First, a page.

Another example is the innovation of salt glands in groups as diverse as sharks, estuarine crocodiles, sea snakes, marine birds and marine iguanas. Just what is involved in the innovation may be gathered from this description:
Sea turtle salt glands are modified lachrymal glands, each gland consisting of about one hundred lobules separated by blood vessels and connective tissue. The lobules contain many blind-ending secretory tubules which drain into a central canal within each lobule, and the central canals combine to form secondary ducts and a sac-like main duct which opens into the posterior canthus. The central canal and secretory tubules have a rich blood supply and there is extensive vascularization of the duct. The central canals are surrounded by broad sheaths of connective tissue with a rich network of cholinesterase staining nerve fibers around each tubule; a nerve network reactive to monoamine oxidase is also found in the perilobular connective tissue. The lobule is composed of three types of cell.
P. Lutz & J. A. Musick, 1996. The Biology of Sea Turtles, p 347.
If ascribing such intricate mechanisms to the work of chance is not the most plausible of interpretations, ascribing to coincidence the multiple re-occurrence of them compounds the difficulty. Even so simple a recurrent device as the egg-tooth, the ephemeral spike with which the baby reptile or bird instinctively hacks through the egg, cries out for a design explanation.
Amongst the other wonders that came into operation in the course of turtle evolution two more deserve mention.
The long-distance migrations of sea turtles represent some of the most remarkable feats of orientation and navigation in the animal kingdom. Starting from their birth places on the eastern coast of North America, juvenile loggerheads follow the Gulf Stream from one side of the North Atlantic to the other and back again, travelling distances of more than 9,000 miles (15,000 kilometres). In the Pacific the migrations can be even longer. Having deposited her eggs on a beach in Papua New Guinea, one adult loggerhead was tracked all the way to feeding grounds off the coast of Oregon: a distance of 12,774 miles. Nor, probably, was that the first time she had crossed the ocean. When the time comes to breed, loggerheads return to the beach where they were born. Somehow they remember its location by reference to the Earth’s magnetic field and navigate home with the precision of homing pigeons – which have miraculously ‘evolved’ a very similar system.
Both ancestrally and as individuals, sea turtles originate on land, yet their terrestrial origin imposes no limit on their world. Like the ichthyosaurs, they have acquired an ability to live far out in the ocean and an ability to dive deep into it. Leatherbacks have been known to plumb depths of over 1,000 metres. though that far down they would have to depend on taste rather than sight. They gradually collapse their lungs as they dive, reducing their buoyancy, and draw the oxygen they need from cells rich in myoglobin and haemoglobin. Green sea turtles can stay under water for as long as five hours.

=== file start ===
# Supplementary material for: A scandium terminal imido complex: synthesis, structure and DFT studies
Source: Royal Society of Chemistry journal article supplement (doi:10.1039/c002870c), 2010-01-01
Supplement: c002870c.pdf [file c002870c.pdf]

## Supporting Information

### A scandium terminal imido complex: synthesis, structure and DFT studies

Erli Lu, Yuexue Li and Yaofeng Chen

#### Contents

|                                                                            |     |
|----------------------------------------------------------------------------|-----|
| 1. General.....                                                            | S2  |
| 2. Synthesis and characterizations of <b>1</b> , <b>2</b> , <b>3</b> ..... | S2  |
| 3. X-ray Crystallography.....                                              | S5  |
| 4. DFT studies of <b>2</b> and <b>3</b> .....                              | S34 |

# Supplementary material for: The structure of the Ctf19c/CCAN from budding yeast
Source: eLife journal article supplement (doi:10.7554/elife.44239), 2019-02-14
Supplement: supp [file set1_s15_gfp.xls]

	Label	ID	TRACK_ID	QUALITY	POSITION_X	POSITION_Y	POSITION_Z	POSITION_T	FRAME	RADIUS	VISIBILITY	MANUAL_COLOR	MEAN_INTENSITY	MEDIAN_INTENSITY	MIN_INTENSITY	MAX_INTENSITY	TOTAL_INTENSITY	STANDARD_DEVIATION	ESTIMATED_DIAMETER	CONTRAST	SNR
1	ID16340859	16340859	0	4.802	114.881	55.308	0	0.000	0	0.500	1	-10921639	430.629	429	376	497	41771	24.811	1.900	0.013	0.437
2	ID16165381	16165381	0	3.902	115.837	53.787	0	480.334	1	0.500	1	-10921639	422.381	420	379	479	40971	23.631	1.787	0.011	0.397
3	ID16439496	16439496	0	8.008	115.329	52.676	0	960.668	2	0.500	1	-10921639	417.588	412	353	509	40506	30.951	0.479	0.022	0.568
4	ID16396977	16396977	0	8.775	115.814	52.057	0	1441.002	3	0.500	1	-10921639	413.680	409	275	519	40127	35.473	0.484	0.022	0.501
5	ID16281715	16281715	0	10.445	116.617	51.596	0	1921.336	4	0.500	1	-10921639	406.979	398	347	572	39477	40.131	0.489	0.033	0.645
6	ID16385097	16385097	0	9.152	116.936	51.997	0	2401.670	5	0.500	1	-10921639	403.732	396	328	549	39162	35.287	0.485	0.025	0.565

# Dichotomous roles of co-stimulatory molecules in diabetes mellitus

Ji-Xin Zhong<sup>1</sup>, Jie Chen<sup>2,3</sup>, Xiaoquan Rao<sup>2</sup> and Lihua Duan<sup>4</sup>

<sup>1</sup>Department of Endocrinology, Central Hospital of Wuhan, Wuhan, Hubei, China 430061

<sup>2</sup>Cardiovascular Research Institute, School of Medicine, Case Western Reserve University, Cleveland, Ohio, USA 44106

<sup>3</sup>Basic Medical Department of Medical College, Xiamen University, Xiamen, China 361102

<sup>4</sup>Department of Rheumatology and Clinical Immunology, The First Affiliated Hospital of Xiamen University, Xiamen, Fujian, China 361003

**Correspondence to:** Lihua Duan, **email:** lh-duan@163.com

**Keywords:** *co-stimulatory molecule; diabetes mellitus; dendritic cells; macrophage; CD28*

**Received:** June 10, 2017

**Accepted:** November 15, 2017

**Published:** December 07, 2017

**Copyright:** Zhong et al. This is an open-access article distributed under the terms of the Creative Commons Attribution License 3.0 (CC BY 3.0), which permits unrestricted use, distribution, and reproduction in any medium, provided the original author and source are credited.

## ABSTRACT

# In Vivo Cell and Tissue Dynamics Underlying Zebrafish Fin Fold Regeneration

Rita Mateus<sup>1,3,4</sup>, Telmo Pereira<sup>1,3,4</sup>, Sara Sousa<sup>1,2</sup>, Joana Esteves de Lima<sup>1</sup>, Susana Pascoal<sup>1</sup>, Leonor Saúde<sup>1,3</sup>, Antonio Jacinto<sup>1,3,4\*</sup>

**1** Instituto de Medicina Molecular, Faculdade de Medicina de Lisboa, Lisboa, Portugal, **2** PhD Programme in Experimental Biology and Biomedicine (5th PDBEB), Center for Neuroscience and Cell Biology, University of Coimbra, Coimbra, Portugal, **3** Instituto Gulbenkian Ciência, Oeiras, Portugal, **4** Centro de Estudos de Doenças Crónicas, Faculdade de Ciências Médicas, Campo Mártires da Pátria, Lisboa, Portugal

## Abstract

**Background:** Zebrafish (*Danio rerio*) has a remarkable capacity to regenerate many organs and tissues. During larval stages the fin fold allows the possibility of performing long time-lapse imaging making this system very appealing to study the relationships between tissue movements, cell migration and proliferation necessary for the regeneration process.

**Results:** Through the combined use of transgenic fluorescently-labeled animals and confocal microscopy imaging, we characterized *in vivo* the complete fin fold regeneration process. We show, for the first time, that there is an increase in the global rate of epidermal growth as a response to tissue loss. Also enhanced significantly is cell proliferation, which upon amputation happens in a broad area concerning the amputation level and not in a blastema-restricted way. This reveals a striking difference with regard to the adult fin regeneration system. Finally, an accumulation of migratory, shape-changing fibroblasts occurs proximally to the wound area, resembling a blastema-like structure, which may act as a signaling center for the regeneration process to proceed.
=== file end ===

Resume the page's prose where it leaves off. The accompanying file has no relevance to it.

Like all reptiles, turtles need to absorb heat from their environment in order to keep warm. Ostensibly it was not a wise move for land turtles to try to make their living in the ocean, where temperatures were lower than on land. Special equipment was needed. But as we have seen, special equipment was just what they acquired. To conserve energy they have relatively low rates of metabolism. Leatherbacks expose themselves to colder temperatures than any other turtle but are also more active, an instinct for constant movement causing them to generate high levels of heat in their muscle tissues. A thick layer of fat under the carapace provides insulation, while larger body size, and consequently a greater volume-to-surface ratio, further reduces the heat loss. The flippers have a low volume-to-surface ratio, but this is counteracted by arranging the arteries and veins next to each other and wrapping them in insulating fibre, so that heat from the blood flowing out is transferred to the cooled blood flowing in. (Beavers and ducks also make use of this heat-exchange system, in yet another case of convergence.) By these means, leatherbacks can keep their core up to 30 ºC warmer than their skin, evolving some of the same endothermic abilities as characterise mammals.
Turtles are not the only living non-mammals to have shifted from cold-bloodedness (ectothermy) to endothermy (warm-bloodedness). Lamnid sharks also maintain core body temperatures of 20–30 ºC. One such lamnid is the salmon shark, which lives in the cold waters of the north Pacific. It has become so specialised for endothermy that the aerobic, locomotor muscles which power its continuous swimming seem mammal-like (Bernal et al. 2005). The same is true of tunas.